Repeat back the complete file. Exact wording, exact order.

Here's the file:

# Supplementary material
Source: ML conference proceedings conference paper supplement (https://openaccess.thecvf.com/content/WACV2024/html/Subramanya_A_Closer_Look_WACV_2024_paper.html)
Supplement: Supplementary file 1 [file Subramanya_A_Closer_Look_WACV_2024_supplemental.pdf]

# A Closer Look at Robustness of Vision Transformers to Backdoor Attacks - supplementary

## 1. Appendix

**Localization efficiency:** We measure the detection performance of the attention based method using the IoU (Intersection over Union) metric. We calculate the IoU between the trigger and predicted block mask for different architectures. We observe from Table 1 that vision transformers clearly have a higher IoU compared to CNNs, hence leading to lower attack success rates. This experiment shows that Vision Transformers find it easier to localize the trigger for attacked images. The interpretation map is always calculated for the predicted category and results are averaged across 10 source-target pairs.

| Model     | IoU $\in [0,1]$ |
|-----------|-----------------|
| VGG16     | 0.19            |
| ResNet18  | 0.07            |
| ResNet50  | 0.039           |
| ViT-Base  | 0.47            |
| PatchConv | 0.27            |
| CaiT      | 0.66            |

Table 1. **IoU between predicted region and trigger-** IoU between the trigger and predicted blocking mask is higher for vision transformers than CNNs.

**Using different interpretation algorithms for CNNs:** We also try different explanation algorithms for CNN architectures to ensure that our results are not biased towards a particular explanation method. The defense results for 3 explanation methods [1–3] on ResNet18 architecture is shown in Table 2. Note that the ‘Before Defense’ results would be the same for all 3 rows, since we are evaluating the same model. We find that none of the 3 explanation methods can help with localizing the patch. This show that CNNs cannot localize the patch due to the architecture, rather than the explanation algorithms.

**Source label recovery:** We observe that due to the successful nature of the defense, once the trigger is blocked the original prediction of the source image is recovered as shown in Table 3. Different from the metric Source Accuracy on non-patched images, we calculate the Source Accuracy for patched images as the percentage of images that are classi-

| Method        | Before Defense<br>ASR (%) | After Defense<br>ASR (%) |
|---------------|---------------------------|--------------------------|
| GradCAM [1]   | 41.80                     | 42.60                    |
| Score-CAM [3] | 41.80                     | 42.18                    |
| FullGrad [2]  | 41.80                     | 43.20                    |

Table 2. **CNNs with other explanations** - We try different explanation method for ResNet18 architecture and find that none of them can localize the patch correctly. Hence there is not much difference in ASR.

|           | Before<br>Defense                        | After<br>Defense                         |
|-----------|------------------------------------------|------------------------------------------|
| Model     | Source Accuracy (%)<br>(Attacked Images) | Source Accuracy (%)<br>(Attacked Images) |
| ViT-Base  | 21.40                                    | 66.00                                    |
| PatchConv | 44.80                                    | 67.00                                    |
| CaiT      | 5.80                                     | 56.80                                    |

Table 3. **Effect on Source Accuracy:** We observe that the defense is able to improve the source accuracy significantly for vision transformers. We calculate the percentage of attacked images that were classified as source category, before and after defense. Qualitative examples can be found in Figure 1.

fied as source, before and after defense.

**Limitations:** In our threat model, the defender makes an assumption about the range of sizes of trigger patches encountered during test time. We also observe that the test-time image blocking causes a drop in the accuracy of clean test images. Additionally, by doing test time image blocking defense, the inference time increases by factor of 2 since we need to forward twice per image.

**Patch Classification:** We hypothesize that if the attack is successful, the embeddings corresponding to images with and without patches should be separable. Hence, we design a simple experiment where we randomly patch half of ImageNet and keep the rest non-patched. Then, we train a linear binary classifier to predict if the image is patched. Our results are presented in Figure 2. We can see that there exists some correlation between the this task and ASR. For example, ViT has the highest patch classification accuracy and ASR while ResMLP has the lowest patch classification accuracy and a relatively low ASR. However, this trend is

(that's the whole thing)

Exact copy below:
# Supplementary material
Source: ML conference proceedings conference paper supplement (https://openaccess.thecvf.com/content/WACV2024/html/Subramanya_A_Closer_Look_WACV_2024_paper.html)
Supplement: Supplementary file 1 [file Subramanya_A_Closer_Look_WACV_2024_supplemental.pdf]

# A Closer Look at Robustness of Vision Transformers to Backdoor Attacks - supplementary

## 1. Appendix

**Localization efficiency:** We measure the detection performance of the attention based method using the IoU (Intersection over Union) metric. We calculate the IoU between the trigger and predicted block mask for different architectures. We observe from Table 1 that vision transformers clearly have a higher IoU compared to CNNs, hence leading to lower attack success rates. This experiment shows that Vision Transformers find it easier to localize the trigger for attacked images. The interpretation map is always calculated for the predicted category and results are averaged across 10 source-target pairs.

| Model     | IoU $\in [0,1]$ |
|-----------|-----------------|
| VGG16     | 0.19            |
| ResNet18  | 0.07            |
| ResNet50  | 0.039           |
| ViT-Base  | 0.47            |
| PatchConv | 0.27            |
| CaiT      | 0.66            |

Table 1. **IoU between predicted region and trigger-** IoU between the trigger and predicted blocking mask is higher for vision transformers than CNNs.

**Using different interpretation algorithms for CNNs:** We also try different explanation algorithms for CNN architectures to ensure that our results are not biased towards a particular explanation method. The defense results for 3 explanation methods [1–3] on ResNet18 architecture is shown in Table 2. Note that the ‘Before Defense’ results would be the same for all 3 rows, since we are evaluating the same model. We find that none of the 3 explanation methods can help with localizing the patch. This show that CNNs cannot localize the patch due to the architecture, rather than the explanation algorithms.

**Source label recovery:** We observe that due to the successful nature of the defense, once the trigger is blocked the original prediction of the source image is recovered as shown in Table 3. Different from the metric Source Accuracy on non-patched images, we calculate the Source Accuracy for patched images as the percentage of images that are classi-

| Method        | Before Defense<br>ASR (%) | After Defense<br>ASR (%) |
|---------------|---------------------------|--------------------------|
| GradCAM [1]   | 41.80                     | 42.60                    |
| Score-CAM [3] | 41.80                     | 42.18                    |
| FullGrad [2]  | 41.80                     | 43.20                    |

Table 2. **CNNs with other explanations** - We try different explanation method for ResNet18 architecture and find that none of them can localize the patch correctly. Hence there is not much difference in ASR.

|           | Before<br>Defense                        | After<br>Defense                         |
|-----------|------------------------------------------|------------------------------------------|
| Model     | Source Accuracy (%)<br>(Attacked Images) | Source Accuracy (%)<br>(Attacked Images) |
| ViT-Base  | 21.40                                    | 66.00                                    |
| PatchConv | 44.80                                    | 67.00                                    |
| CaiT      | 5.80                                     | 56.80                                    |

Table 3. **Effect on Source Accuracy:** We observe that the defense is able to improve the source accuracy significantly for vision transformers. We calculate the percentage of attacked images that were classified as source category, before and after defense. Qualitative examples can be found in Figure 1.

fied as source, before and after defense.

**Limitations:** In our threat model, the defender makes an assumption about the range of sizes of trigger patches encountered during test time. We also observe that the test-time image blocking causes a drop in the accuracy of clean test images. Additionally, by doing test time image blocking defense, the inference time increases by factor of 2 since we need to forward twice per image.

**Patch Classification:** We hypothesize that if the attack is successful, the embeddings corresponding to images with and without patches should be separable. Hence, we design a simple experiment where we randomly patch half of ImageNet and keep the rest non-patched. Then, we train a linear binary classifier to predict if the image is patched. Our results are presented in Figure 2. We can see that there exists some correlation between the this task and ASR. For example, ViT has the highest patch classification accuracy and ASR while ResMLP has the lowest patch classification accuracy and a relatively low ASR. However, this trend is